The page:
That first day seems long ago now. As I write this, I have completed over 100 tours of duty as a patrolman. Although still a rookie officer, so much has happened in the short space of 6 months that I will never again be either the same man or the same scientist who stood in front of the station on that first day. While it is hard to even begin to describe within a brief article the many changes which have occurred within me during this time, I would like to share with fellow policemen and colleagues in the academic community a few of what I regard as the more important of what I will call my "street lessons."
I had always personally been of the opinion that police officers greatly exaggerate the amount of verbal disrespect and physical abuse to which they are subjected in the line of duty. During my first few hours as a street officer, I lived blissfully in a magic bubble which was soon to burst. As a college professor, I had grown accustomed to being treated with uniform respect and deference by those I encountered. I somehow naively assumed that this same quality of respect would carry over into my new role as a policeman. I was, after all, a representative of the law, identifiable to all by the badge and uniform I wore as someone dedicated to the protection of society. Surely that fact would entitle me to a measure of respect and cooperation-or so I thought. I quickly found that my badge and uniform, rather than serving to shield me from such things as disrespect and violence, only acted as a magnet which drew me toward many individuals who hated what I represented.
I had discounted on my first evening the warning of a veteran sergeant who, after hearing that I was about to begin work as a patrolman, shook his head and cautioned, "You'd better watch yourself out there, Professor! It gets pretty rough sometimes!" I was soon to find out what he meant.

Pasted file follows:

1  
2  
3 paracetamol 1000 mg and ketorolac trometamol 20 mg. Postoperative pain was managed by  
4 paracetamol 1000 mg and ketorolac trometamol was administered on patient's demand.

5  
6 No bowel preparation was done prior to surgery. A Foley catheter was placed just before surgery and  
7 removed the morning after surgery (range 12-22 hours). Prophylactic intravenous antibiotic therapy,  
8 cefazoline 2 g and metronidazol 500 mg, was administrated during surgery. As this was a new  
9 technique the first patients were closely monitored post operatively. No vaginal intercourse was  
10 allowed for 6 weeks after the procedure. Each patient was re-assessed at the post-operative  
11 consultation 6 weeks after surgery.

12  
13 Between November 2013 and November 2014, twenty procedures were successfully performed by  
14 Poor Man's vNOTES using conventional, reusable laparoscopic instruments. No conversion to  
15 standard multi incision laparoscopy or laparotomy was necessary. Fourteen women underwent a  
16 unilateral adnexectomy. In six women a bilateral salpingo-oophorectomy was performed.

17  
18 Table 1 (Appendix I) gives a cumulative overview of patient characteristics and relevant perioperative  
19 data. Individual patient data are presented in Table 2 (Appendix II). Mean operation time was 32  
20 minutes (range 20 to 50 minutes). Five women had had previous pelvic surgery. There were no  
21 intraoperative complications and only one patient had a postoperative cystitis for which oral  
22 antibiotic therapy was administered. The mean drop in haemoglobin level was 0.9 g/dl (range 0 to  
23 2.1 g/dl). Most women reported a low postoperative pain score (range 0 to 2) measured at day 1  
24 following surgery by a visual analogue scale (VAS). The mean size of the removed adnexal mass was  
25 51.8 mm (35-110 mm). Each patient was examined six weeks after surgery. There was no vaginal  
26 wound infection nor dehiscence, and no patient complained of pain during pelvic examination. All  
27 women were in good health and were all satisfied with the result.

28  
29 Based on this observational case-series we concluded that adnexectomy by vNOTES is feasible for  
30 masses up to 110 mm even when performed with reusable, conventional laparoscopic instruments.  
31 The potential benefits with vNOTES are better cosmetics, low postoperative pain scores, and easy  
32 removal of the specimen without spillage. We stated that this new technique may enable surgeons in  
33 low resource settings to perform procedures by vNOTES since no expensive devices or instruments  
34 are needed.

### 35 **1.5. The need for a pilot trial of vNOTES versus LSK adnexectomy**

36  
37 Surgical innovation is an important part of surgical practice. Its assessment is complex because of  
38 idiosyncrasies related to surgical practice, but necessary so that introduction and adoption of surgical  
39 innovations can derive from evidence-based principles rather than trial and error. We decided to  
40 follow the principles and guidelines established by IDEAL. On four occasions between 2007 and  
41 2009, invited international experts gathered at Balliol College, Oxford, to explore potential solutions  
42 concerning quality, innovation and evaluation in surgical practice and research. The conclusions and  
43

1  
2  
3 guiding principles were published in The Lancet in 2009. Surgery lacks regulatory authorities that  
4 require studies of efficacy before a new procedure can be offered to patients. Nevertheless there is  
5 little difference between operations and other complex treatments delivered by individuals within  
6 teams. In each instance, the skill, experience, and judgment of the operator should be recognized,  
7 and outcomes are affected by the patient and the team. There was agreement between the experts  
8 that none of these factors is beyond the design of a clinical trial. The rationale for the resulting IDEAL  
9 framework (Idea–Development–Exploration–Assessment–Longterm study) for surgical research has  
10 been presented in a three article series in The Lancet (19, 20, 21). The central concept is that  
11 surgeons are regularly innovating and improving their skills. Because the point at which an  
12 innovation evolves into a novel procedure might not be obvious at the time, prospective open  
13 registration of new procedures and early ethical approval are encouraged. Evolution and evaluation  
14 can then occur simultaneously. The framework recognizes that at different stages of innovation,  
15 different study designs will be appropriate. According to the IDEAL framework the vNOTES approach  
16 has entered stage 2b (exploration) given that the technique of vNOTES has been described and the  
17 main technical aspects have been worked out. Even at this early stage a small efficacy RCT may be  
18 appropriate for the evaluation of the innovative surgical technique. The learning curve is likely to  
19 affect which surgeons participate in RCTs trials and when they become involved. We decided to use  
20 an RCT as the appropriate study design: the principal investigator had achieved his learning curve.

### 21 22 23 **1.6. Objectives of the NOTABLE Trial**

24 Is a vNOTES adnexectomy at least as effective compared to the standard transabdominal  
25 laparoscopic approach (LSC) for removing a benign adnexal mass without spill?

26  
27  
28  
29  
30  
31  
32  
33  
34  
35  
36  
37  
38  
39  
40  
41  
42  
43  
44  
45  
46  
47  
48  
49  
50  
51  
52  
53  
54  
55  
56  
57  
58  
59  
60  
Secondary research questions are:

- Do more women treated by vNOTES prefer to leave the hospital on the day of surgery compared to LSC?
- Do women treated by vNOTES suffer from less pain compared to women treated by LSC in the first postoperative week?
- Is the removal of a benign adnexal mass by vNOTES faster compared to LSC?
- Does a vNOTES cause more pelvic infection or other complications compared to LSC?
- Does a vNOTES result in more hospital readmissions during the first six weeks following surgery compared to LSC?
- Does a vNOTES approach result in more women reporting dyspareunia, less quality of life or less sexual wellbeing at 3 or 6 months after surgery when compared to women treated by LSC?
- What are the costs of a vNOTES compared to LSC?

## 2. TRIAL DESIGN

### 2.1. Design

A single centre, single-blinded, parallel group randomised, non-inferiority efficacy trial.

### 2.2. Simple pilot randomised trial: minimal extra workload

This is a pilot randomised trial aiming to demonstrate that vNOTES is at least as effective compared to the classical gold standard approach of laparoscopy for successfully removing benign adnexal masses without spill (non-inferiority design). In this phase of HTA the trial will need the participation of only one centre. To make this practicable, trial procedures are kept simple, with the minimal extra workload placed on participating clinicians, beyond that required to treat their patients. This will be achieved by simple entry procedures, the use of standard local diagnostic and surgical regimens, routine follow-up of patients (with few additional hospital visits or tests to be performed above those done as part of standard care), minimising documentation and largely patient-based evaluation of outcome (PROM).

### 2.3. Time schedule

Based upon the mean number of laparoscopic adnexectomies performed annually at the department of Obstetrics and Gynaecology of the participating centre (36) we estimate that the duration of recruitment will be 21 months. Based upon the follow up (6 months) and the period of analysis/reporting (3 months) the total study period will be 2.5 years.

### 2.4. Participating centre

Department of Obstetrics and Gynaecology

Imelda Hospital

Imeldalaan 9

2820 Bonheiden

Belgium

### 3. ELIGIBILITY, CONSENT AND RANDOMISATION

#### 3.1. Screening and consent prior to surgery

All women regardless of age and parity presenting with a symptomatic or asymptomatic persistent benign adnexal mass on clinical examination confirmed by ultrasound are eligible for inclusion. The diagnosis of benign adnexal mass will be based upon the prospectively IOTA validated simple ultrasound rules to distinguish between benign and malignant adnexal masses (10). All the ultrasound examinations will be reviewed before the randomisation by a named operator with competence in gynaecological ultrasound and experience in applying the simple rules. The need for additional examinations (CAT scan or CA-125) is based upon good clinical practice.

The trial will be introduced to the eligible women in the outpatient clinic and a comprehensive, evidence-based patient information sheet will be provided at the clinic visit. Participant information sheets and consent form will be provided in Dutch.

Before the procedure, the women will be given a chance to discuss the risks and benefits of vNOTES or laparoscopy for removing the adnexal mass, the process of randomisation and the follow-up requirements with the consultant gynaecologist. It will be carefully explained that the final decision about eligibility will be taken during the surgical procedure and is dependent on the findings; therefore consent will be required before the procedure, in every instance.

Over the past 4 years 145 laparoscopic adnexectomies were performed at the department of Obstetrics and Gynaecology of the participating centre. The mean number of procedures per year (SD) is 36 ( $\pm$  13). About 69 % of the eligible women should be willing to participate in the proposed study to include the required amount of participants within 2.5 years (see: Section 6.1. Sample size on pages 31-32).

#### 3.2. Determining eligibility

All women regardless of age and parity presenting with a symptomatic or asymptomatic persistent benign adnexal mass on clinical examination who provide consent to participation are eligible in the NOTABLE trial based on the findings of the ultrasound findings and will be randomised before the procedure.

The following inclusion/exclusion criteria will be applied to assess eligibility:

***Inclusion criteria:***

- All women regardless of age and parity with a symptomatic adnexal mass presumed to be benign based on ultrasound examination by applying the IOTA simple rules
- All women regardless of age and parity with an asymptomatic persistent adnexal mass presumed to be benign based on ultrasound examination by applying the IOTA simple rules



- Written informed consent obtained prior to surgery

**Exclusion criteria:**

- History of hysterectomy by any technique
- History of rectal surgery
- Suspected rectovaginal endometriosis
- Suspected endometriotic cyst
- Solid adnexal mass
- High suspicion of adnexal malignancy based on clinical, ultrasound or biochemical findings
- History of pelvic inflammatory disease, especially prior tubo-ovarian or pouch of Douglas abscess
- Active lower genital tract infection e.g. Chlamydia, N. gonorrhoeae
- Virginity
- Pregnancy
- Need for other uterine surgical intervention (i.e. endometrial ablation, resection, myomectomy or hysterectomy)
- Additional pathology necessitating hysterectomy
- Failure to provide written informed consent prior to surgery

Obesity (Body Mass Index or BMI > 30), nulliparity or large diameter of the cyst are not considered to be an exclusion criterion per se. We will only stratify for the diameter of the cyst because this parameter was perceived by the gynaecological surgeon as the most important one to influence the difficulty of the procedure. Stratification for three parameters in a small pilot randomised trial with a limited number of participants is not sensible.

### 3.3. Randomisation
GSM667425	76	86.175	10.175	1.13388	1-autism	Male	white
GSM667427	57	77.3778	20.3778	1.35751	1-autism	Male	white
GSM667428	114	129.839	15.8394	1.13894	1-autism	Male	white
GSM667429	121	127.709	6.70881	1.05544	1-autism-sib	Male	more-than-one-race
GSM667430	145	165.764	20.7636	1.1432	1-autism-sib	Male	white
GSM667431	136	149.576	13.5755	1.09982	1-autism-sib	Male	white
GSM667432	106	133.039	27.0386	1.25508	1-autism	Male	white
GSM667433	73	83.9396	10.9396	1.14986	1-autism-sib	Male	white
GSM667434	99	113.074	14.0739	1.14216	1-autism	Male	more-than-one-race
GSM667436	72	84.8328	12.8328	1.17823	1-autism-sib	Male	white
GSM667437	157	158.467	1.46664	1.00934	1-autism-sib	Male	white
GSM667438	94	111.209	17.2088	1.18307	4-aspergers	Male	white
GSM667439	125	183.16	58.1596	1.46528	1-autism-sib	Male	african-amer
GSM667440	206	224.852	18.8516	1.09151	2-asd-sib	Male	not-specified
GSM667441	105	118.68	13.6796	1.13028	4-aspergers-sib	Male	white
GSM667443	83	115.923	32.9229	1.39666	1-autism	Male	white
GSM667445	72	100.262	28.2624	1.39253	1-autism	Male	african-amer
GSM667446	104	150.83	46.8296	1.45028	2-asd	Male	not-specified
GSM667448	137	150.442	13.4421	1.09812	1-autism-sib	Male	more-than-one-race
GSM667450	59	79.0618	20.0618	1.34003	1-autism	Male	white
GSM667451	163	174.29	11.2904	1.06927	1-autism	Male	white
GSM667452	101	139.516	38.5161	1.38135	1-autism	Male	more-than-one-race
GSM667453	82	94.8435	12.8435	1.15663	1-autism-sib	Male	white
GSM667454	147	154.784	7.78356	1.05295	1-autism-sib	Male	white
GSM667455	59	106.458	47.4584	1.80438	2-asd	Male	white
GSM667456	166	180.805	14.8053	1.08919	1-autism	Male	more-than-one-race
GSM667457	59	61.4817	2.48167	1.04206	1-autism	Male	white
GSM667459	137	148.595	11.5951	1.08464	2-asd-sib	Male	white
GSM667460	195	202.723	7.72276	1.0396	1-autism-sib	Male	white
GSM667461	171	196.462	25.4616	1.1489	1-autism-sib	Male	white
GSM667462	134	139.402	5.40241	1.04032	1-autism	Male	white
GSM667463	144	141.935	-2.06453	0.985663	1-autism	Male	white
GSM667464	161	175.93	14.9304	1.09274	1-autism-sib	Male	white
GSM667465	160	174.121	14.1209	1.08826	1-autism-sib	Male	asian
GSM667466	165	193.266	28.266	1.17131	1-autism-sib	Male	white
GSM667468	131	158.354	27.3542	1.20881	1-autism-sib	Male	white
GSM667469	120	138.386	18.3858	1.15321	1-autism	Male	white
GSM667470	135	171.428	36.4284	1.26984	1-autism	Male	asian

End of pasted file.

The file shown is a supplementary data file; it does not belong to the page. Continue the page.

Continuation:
Several hours into my first evening on the streets, my partner and I were dispatched to a bar in the downtown area to handle a disturbance complaint. Inside, we encountered a large and boisterous drunk who was arguing with the bartender and loudly refusing to leave. As someone with considerable experience as a correctional counselor and mental health worker, I hastened to take charge of the situation. "Excuse me, Sir," I smiled pleasantly at the drunk, "but I wonder if I could ask you to step outside and talk with me for just a minute?" The man stared at me through bloodshot eyes in disbelief for a second, raising one hand to scratch the stubble of several days' growth of beard. Then suddenly, without warning, it happened. He swung at me, luckily missing my face and striking me on the right shoulder. I couldn't believe it. What on earth had I done to provoke such a reaction? Before I could recover from my startled condition, he swung again-this time tearing my whistle chain from a shoulder epaulet. After a brief struggle, we had the still shouting, cursing man locked in the back of our cruiser. I stood there, breathing heavily with my hair in my eyes as I surveyed the damage to my new uniform and looked in bewilderment at my partner, who only smiled and clapped me affectionately on the back.
Theory vs. Practice
"Something is very wrong," I remember thinking to myself in the front seat as we headed for the jail. I had used the same kind of gentle, rapport-building approach with countless offenders in prison and probation settings. It had always worked so well there. What was so different about being a policeman? In the days and weeks which followed, I was to learn the answer to this question the hard way. As a university professor, I had always sought to convey to students the idea that it is a mistake to exercise authority, to make decisions for other people, or rely upon orders and commands to accomplish something. As a police officer myself, I was forced time and again to do just that. For the first time in my life, I encountered individuals who interpreted kindness as weakness, as an invitation to disrespect or violence. I encountered men, women, and children who, in fear, desperation, or excitement, looked to the person behind my blue uniform and shield for guidance, control, and direction. As someone who had always condemned the exercise of authority, the acceptance of myself as an unavoidable symbol of authority came as a bitter lesson.